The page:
Maryland Aligns Terms with Federal Definitions and Clarifies MLO Requirements

Effective as of July 31, 2017, Maryland amended provisions to align state mortgage industry terminology with federal terminology and clarified provisions impacting mortgage lender originators (MLOs). The following topics were clarified by the amendments: continued education, duty of care, application, exemptions and advertising.

As may be evident, the objective of the legislation was to simplify compliance. Accordingly, both “average prime offer rate” and “higher-priced mortgage loan” were defined in accordance with their definitions within CFR 12 §1026. Since these terms’ definitions are now imbedded within the federal regulation they are subject to change in accordance with any changes made to CFR 12 §1026.

As for the provisions amending MLO requirements to promote clarity, the most notable changes are listed below.

    • Continued Education (CE): Previously, due to gaps in the definitions, non-related topics may have satisfied the CE requirements. However, as of the amendments, in order to satisfy requirements, state/federal law and regulations must be related to mortgage lending, origination and standards.
    • Duty of Care: Previously, a form prescribed by the Commissioner was the only satisfactory document that could be presented to meet net tangible benefits requirements. Post-amendments, this standard has been relaxed to include “a form that is substantially similar to the form prescribed.”
    • Applications: Completed applications which have the attendant required fees posted will now have to be approved or denied within 60 days upon receipt. Denials will require that an itemization of steps needed to remedy any incompletions be provided to the applicant.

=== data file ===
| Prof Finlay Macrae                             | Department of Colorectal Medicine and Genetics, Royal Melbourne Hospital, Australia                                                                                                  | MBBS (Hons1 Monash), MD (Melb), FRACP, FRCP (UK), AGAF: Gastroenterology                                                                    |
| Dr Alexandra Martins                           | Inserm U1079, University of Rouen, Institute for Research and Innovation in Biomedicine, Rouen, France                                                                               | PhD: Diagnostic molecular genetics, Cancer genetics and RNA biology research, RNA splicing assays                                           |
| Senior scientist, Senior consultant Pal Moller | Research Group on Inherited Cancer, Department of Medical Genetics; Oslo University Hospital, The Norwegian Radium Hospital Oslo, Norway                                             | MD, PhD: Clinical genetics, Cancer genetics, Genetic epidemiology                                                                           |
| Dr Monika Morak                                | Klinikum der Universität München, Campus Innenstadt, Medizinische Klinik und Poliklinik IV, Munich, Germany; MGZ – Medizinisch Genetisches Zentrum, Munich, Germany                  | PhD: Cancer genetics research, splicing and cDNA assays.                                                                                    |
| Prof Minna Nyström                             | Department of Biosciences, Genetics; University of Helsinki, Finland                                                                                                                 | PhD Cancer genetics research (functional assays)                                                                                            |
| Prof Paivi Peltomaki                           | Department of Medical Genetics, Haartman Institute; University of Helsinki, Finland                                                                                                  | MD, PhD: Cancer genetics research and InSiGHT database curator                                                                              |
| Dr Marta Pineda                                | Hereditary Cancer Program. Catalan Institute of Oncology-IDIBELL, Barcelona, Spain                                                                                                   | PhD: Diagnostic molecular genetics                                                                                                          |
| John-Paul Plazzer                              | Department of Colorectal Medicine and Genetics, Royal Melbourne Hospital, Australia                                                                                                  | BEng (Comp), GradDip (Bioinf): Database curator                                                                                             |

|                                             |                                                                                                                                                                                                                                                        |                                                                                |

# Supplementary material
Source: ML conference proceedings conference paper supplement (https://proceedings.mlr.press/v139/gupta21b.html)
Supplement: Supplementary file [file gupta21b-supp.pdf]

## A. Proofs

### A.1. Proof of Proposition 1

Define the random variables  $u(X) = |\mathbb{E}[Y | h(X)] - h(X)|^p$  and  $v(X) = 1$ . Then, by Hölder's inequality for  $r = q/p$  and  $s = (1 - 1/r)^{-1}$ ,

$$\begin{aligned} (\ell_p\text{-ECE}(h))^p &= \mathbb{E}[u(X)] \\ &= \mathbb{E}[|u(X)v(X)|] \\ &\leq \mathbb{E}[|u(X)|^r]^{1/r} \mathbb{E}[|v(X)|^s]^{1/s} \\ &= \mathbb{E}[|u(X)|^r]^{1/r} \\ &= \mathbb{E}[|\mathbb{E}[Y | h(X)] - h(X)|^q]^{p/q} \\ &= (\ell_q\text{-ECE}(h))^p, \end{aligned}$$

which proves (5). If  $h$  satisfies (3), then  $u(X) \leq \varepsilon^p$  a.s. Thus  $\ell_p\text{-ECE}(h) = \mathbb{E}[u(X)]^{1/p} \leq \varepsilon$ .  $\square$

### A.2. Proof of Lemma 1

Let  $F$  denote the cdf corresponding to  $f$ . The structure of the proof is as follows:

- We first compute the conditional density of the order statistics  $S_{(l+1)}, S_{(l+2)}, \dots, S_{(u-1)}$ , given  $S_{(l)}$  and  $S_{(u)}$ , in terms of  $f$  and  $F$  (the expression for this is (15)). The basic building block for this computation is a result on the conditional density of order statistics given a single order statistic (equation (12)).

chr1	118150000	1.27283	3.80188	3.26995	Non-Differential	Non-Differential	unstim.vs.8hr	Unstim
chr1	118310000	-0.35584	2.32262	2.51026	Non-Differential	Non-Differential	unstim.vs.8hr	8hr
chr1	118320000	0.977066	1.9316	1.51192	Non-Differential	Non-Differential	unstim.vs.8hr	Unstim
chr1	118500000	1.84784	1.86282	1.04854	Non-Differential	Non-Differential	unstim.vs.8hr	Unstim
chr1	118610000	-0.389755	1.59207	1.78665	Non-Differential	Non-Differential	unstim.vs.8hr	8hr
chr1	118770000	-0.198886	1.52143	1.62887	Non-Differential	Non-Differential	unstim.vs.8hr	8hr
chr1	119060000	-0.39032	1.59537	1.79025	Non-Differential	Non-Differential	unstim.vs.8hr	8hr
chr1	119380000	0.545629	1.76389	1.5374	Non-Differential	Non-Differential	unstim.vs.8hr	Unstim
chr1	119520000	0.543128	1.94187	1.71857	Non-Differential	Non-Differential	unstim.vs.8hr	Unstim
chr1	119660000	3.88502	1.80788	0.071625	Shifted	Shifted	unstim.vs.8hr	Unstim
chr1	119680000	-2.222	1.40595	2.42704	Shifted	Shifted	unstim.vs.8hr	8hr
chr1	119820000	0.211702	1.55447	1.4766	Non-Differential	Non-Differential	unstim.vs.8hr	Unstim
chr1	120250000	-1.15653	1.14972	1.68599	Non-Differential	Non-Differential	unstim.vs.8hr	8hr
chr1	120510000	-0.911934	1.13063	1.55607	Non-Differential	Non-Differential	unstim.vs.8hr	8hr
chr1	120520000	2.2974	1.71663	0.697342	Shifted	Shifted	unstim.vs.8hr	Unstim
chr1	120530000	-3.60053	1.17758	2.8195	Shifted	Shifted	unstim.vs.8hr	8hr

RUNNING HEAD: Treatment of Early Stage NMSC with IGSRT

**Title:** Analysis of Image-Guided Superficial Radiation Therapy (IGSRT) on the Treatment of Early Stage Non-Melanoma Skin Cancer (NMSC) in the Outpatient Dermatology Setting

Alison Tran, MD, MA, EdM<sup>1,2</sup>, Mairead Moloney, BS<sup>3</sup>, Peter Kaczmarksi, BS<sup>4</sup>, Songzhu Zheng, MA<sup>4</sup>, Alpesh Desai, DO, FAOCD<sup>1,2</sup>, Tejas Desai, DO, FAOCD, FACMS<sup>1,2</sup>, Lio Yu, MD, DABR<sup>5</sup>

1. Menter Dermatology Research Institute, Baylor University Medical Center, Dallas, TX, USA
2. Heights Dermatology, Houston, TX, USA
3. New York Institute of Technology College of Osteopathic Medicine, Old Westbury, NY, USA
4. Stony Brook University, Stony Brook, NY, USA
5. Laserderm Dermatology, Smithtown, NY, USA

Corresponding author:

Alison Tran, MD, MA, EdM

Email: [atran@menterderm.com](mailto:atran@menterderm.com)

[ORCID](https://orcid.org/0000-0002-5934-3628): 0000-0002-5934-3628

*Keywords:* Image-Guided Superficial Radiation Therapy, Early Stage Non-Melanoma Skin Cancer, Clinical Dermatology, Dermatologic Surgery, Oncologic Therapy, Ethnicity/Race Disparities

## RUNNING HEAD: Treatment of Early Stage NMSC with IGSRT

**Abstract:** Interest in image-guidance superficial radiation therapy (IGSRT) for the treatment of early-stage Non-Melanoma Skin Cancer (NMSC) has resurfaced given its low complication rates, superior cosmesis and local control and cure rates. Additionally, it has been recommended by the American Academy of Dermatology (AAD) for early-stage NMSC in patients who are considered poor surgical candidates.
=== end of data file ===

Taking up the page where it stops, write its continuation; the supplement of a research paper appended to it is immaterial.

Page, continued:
• Exemptions: Several exemptions from the amendments were introduced which impact compliance and relax the standards. The two main exemptions impact solicitation in conjunction with location requirements and originating under an expired license. The amendments proscribe any attempts to take any applications outside of the licensee’s location; however, a licensee may take a loan application if the application came to him/her without any efforts on his or her part (i.e. soliciting outside of his or her licensed jurisdiction). The licensee may also originate a loan if the application was received before the deadline of his/her license renewal.
    • Advertising: The most notable amendment introduced impacts social media advertising. Should an MLO advertise on social media usual pertinent information such as employer and NMLSR number does not need to be disclosed in each advertisement provided that it is prominently disclosed on the home page, within the same platform as the advertisements, of the individual.

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  • Regulatory Compliance Consultant
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Julio Suarez, JD, is a regulatory compliance consultant with Bankers Advisory. He is a graduate of the University of Central Florida and earned his juris doctor at the New England School of Law.

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